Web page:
4. LITTLEFOOT’S ORIGINAL NAME WAS “THUNDERFOOT.”

This was changed when the filmmakers learned that there was a triceratops in a popular children’s book called Thunderfoot. Speaking of three-horned dinosaurs: Cera evolved from a pugnacious male character called Bambo.

5. THE FILMMAKERS HAD TO CUT ABOUT 10 MINUTES OF FOOTAGE.

“We compromised a lot with The Land Before Time,” Goldman admitted. Nowhere was this fact more apparent than on the cutting room floor. Spielberg and his fellow executive producer George Lucas deemed 19 individual scenes “too scary.” “We’ll have kids crying in the lobby, and angry parents,” Spielberg warned. “You don’t want that.”

6. “ROOTER” WAS INTRODUCED AT THE URGING OF CHILD PSYCHOLOGISTS.

In Bambi, the title character’s mom dies off-screen. The same cannot be said for Littlefoot’s mother, whose slow demise goes on for several agonizing minutes. Naturally, there was some concern about how children would react to this. “A lot of research went into the mother dying sequence,” Pomeroy said. “Psychologists were approached and shown the film. They gave their professional opinions of how the sequence could be depicted.” Thus, Rooter was born.

One scene after Littlefoot’s mom passes, the wise reptile consoles him, saying “You’ll always miss her, but she’ll always be with you as long as you remember the things she taught you.” Sharp-eared fans might recognize Rooter’s voice as that of Pat Hingle, who also narrates the movie.

7. JAMES HORNER DID THE SOUNDTRACK.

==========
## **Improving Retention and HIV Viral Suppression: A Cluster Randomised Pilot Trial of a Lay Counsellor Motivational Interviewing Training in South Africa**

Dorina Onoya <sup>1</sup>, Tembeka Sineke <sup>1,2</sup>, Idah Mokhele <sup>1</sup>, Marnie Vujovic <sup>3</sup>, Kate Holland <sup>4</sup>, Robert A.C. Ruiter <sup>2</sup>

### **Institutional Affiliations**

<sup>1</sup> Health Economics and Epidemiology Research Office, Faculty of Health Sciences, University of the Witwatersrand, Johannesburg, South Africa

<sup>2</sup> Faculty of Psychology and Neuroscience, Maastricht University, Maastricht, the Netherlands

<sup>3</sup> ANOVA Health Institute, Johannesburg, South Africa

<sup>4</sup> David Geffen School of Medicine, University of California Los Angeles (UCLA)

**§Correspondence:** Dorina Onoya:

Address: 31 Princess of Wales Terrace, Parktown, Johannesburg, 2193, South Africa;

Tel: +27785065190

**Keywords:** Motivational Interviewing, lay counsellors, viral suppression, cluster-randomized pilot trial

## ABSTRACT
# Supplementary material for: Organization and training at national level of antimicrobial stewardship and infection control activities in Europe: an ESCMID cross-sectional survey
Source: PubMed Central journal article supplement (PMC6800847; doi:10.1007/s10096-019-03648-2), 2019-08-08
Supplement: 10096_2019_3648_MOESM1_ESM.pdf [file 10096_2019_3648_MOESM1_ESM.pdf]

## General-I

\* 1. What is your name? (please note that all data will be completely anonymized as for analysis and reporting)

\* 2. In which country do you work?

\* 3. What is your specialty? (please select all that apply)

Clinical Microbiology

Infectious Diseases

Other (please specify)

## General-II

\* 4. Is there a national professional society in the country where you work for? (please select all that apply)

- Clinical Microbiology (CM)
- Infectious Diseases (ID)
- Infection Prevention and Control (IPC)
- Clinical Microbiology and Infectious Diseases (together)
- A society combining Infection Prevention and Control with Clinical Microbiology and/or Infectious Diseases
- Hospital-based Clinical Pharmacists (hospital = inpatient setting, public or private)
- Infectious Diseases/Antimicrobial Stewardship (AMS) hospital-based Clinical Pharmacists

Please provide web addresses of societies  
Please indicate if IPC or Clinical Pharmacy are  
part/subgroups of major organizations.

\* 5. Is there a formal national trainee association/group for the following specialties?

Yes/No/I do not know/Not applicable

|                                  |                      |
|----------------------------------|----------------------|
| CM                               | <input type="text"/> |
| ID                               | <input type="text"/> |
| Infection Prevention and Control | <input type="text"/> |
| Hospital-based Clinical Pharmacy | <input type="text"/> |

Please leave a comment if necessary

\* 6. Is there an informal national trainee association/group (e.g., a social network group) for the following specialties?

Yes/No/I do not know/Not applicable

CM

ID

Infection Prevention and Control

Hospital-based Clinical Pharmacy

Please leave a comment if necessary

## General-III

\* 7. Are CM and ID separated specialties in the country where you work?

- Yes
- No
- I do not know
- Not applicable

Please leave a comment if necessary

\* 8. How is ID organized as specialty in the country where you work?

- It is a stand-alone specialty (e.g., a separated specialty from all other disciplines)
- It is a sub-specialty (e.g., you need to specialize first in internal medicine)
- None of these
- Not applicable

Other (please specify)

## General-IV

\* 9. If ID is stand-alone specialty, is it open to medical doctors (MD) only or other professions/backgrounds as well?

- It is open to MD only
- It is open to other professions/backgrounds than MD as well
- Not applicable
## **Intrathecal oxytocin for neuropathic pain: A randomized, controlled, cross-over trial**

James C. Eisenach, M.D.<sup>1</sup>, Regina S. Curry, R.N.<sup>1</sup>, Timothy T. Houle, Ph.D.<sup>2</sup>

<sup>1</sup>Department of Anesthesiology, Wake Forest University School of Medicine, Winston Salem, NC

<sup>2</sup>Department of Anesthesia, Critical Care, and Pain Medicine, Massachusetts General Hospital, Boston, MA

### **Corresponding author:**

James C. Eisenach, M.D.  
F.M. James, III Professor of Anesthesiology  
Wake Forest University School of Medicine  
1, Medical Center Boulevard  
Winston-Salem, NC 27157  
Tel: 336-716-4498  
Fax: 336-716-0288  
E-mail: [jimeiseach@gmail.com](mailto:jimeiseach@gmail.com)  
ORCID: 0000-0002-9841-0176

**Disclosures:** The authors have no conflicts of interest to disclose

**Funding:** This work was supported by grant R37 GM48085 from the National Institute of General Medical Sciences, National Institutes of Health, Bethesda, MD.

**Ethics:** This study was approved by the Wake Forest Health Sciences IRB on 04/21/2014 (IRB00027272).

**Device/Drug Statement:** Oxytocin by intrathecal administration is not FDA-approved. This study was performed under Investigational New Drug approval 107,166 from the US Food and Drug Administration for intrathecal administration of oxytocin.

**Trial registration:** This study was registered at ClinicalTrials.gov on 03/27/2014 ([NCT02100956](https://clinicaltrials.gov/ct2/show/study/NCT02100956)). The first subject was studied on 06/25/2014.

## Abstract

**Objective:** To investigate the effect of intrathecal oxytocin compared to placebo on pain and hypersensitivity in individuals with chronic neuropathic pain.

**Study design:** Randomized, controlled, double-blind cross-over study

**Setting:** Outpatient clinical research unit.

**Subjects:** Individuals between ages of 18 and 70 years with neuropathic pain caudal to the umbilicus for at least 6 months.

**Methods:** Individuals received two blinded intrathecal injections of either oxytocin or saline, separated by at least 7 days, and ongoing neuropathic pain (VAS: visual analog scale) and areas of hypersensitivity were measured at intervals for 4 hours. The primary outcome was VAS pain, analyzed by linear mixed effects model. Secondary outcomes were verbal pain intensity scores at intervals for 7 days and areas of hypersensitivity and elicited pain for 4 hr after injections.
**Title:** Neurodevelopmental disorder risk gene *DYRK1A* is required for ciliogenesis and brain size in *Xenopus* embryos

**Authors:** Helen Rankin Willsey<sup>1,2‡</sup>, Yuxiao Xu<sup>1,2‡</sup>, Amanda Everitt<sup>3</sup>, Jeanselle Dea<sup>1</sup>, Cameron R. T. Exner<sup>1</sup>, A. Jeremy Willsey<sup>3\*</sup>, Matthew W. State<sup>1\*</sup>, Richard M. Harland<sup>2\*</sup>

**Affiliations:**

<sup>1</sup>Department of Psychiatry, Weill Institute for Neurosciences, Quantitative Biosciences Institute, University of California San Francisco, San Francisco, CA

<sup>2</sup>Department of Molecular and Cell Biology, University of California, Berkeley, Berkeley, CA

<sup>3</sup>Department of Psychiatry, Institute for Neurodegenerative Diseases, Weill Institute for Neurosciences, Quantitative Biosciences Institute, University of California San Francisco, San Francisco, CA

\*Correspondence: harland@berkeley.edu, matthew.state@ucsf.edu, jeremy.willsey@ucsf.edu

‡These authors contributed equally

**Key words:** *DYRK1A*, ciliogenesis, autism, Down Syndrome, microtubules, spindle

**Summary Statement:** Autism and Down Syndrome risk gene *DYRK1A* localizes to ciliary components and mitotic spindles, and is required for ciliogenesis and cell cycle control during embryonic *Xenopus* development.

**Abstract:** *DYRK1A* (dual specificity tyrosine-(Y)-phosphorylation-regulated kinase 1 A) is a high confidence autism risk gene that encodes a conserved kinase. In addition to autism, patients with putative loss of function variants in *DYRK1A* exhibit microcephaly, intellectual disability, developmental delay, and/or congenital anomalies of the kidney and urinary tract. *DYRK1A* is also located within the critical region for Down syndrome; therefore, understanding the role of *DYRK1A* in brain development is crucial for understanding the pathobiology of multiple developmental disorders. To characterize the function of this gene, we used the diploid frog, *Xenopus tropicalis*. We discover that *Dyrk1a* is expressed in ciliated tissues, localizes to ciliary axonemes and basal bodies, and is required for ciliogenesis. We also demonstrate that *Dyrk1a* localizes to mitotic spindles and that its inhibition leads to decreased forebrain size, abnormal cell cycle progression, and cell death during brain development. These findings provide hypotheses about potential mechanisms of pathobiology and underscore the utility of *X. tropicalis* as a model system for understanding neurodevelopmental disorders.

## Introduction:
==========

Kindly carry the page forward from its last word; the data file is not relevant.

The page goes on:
The late, Oscar-winning composer behind Braveheart (1995), Titanic (1997), and Avatar (2009) put together a soaring score. Along with lyricist Will Jennings, he also penned the original song “If We Hold On Together,” which Diana Ross sings as the end credits roll.

8. THE ACTRESS BEHIND DUCKY PASSED AWAY BEFORE THE MOVIE’S RELEASE.

Judith Barsi’s career was off to a great start. By age 10, this daughter of Hungarian immigrants had already appeared in 70 commercials and voiced the leading lady in Don Bluth’s All Dogs Go to Heaven (1989). For The Land Before Time, Barsi voiced the ever-optimistic Ducky, which was reportedly her favorite role. Then tragedy struck: In July of 1988, Barsi’s father József murdered both her and her mother before taking his own life.

9. IT HAD A RECORD-SETTING OPENING WEEKEND.

From the get-go, The Land Before Time had some stiff competition. Universal released it on November 18, 1988—the same day that Disney’s Oliver & Company hit theaters. Yet, for a solid month, Bluth gave Oliver a box office beating. The Land Before Time enjoyed the highest-grossing opening weekend that any animated film had ever seen, pulling in $7.5 million to Oliver & Company’s $4 million. Since then, of course, The Land Before Time has long been dethroned; today, Incredibles 2 (2018) holds this coveted distinction with a $182.7 million first-weekend showing.

10. THERE ONCE WAS TALK OF A LAND BEFORE TIME STAGE MUSICAL.

“The time has come for dinosaurs on Broadway,” the late theatrical producer Irving Welzer told The New York Times in 1997. Emboldened by the recent cinematic success of Spielberg’s The Lost World: Jurassic Park (1996), Welzer expressed an interest helping Littlefoot, Cera, Ducky, and the rest of the gang make their Big Apple debut. Soon, however, the idea faded.